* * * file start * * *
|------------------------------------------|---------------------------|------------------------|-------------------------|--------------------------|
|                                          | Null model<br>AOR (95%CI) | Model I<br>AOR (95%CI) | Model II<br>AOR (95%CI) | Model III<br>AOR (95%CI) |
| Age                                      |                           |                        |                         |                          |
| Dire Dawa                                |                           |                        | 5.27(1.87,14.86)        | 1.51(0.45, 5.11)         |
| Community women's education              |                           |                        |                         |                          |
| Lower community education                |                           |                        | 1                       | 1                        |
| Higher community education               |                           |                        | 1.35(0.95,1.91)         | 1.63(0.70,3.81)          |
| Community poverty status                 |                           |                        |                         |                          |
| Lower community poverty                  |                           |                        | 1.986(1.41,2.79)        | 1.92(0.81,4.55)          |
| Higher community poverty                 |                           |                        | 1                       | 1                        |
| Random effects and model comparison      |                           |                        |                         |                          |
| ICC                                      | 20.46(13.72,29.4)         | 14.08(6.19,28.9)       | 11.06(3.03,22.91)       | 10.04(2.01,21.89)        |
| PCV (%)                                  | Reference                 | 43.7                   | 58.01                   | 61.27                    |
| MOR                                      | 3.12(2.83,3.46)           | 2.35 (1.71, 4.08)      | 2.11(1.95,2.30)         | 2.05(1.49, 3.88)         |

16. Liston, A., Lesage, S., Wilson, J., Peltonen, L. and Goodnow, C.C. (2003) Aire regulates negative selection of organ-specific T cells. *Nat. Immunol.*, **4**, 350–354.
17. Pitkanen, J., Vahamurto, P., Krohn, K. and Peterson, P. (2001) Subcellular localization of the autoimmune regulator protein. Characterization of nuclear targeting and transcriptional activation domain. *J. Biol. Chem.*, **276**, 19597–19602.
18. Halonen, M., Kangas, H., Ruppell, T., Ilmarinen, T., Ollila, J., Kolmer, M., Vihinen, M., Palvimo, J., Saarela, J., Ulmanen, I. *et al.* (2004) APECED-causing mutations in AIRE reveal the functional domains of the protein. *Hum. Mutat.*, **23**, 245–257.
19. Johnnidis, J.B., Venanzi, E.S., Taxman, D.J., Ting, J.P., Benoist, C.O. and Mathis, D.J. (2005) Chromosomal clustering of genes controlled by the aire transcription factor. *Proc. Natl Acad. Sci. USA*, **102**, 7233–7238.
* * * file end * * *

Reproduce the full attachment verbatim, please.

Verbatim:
|------------------------------------------|---------------------------|------------------------|-------------------------|--------------------------|
|                                          | Null model<br>AOR (95%CI) | Model I<br>AOR (95%CI) | Model II<br>AOR (95%CI) | Model III<br>AOR (95%CI) |
| Age                                      |                           |                        |                         |                          |
| Dire Dawa                                |                           |                        | 5.27(1.87,14.86)        | 1.51(0.45, 5.11)         |
| Community women's education              |                           |                        |                         |                          |
| Lower community education                |                           |                        | 1                       | 1                        |
| Higher community education               |                           |                        | 1.35(0.95,1.91)         | 1.63(0.70,3.81)          |
| Community poverty status                 |                           |                        |                         |                          |
| Lower community poverty                  |                           |                        | 1.986(1.41,2.79)        | 1.92(0.81,4.55)          |
| Higher community poverty                 |                           |                        | 1                       | 1                        |
| Random effects and model comparison      |                           |                        |                         |                          |
| ICC                                      | 20.46(13.72,29.4)         | 14.08(6.19,28.9)       | 11.06(3.03,22.91)       | 10.04(2.01,21.89)        |
| PCV (%)                                  | Reference                 | 43.7                   | 58.01                   | 61.27                    |
| MOR                                      | 3.12(2.83,3.46)           | 2.35 (1.71, 4.08)      | 2.11(1.95,2.30)         | 2.05(1.49, 3.88)         |

16. Liston, A., Lesage, S., Wilson, J., Peltonen, L. and Goodnow, C.C. (2003) Aire regulates negative selection of organ-specific T cells. *Nat. Immunol.*, **4**, 350–354.
17. Pitkanen, J., Vahamurto, P., Krohn, K. and Peterson, P. (2001) Subcellular localization of the autoimmune regulator protein. Characterization of nuclear targeting and transcriptional activation domain. *J. Biol. Chem.*, **276**, 19597–19602.
18. Halonen, M., Kangas, H., Ruppell, T., Ilmarinen, T., Ollila, J., Kolmer, M., Vihinen, M., Palvimo, J., Saarela, J., Ulmanen, I. *et al.* (2004) APECED-causing mutations in AIRE reveal the functional domains of the protein. *Hum. Mutat.*, **23**, 245–257.
19. Johnnidis, J.B., Venanzi, E.S., Taxman, D.J., Ting, J.P., Benoist, C.O. and Mathis, D.J. (2005) Chromosomal clustering of genes controlled by the aire transcription factor. *Proc. Natl Acad. Sci. USA*, **102**, 7233–7238.